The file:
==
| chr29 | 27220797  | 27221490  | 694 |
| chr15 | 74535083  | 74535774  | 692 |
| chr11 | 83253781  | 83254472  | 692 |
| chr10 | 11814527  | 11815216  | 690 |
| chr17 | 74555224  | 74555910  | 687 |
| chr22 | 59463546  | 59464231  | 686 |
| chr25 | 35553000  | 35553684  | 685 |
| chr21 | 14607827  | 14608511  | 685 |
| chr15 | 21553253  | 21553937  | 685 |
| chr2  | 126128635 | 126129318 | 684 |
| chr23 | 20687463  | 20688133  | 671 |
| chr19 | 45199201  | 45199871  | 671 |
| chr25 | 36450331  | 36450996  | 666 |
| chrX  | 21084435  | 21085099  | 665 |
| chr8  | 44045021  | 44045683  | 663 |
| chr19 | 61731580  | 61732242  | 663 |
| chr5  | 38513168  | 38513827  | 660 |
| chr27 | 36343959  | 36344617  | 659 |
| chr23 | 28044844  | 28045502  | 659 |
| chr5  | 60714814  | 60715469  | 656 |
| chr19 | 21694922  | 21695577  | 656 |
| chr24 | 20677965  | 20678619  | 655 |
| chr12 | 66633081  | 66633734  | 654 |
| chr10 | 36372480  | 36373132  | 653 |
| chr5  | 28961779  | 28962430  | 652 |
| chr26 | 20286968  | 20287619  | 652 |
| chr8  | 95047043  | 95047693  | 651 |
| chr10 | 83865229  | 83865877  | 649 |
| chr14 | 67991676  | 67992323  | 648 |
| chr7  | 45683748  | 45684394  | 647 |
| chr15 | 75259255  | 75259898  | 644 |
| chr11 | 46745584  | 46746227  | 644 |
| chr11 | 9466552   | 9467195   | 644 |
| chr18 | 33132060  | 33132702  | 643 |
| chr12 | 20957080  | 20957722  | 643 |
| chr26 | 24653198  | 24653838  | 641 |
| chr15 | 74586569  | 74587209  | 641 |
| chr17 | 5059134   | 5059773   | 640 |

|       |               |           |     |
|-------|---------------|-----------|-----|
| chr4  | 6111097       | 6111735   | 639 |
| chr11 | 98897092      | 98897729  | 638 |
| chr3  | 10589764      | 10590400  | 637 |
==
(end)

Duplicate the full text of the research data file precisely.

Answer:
| chr29 | 27220797  | 27221490  | 694 |
| chr15 | 74535083  | 74535774  | 692 |
| chr11 | 83253781  | 83254472  | 692 |
| chr10 | 11814527  | 11815216  | 690 |
| chr17 | 74555224  | 74555910  | 687 |
| chr22 | 59463546  | 59464231  | 686 |
| chr25 | 35553000  | 35553684  | 685 |
| chr21 | 14607827  | 14608511  | 685 |
| chr15 | 21553253  | 21553937  | 685 |
| chr2  | 126128635 | 126129318 | 684 |
| chr23 | 20687463  | 20688133  | 671 |
| chr19 | 45199201  | 45199871  | 671 |
| chr25 | 36450331  | 36450996  | 666 |
| chrX  | 21084435  | 21085099  | 665 |
| chr8  | 44045021  | 44045683  | 663 |
| chr19 | 61731580  | 61732242  | 663 |
| chr5  | 38513168  | 38513827  | 660 |
| chr27 | 36343959  | 36344617  | 659 |
| chr23 | 28044844  | 28045502  | 659 |
| chr5  | 60714814  | 60715469  | 656 |
| chr19 | 21694922  | 21695577  | 656 |
| chr24 | 20677965  | 20678619  | 655 |
| chr12 | 66633081  | 66633734  | 654 |
| chr10 | 36372480  | 36373132  | 653 |
| chr5  | 28961779  | 28962430  | 652 |
| chr26 | 20286968  | 20287619  | 652 |
| chr8  | 95047043  | 95047693  | 651 |
| chr10 | 83865229  | 83865877  | 649 |
| chr14 | 67991676  | 67992323  | 648 |
| chr7  | 45683748  | 45684394  | 647 |
| chr15 | 75259255  | 75259898  | 644 |
| chr11 | 46745584  | 46746227  | 644 |
| chr11 | 9466552   | 9467195   | 644 |
| chr18 | 33132060  | 33132702  | 643 |
| chr12 | 20957080  | 20957722  | 643 |
| chr26 | 24653198  | 24653838  | 641 |
| chr15 | 74586569  | 74587209  | 641 |
| chr17 | 5059134   | 5059773   | 640 |

|       |               |           |     |
|-------|---------------|-----------|-----|
| chr4  | 6111097       | 6111735   | 639 |
| chr11 | 98897092      | 98897729  | 638 |
| chr3  | 10589764      | 10590400  | 637 |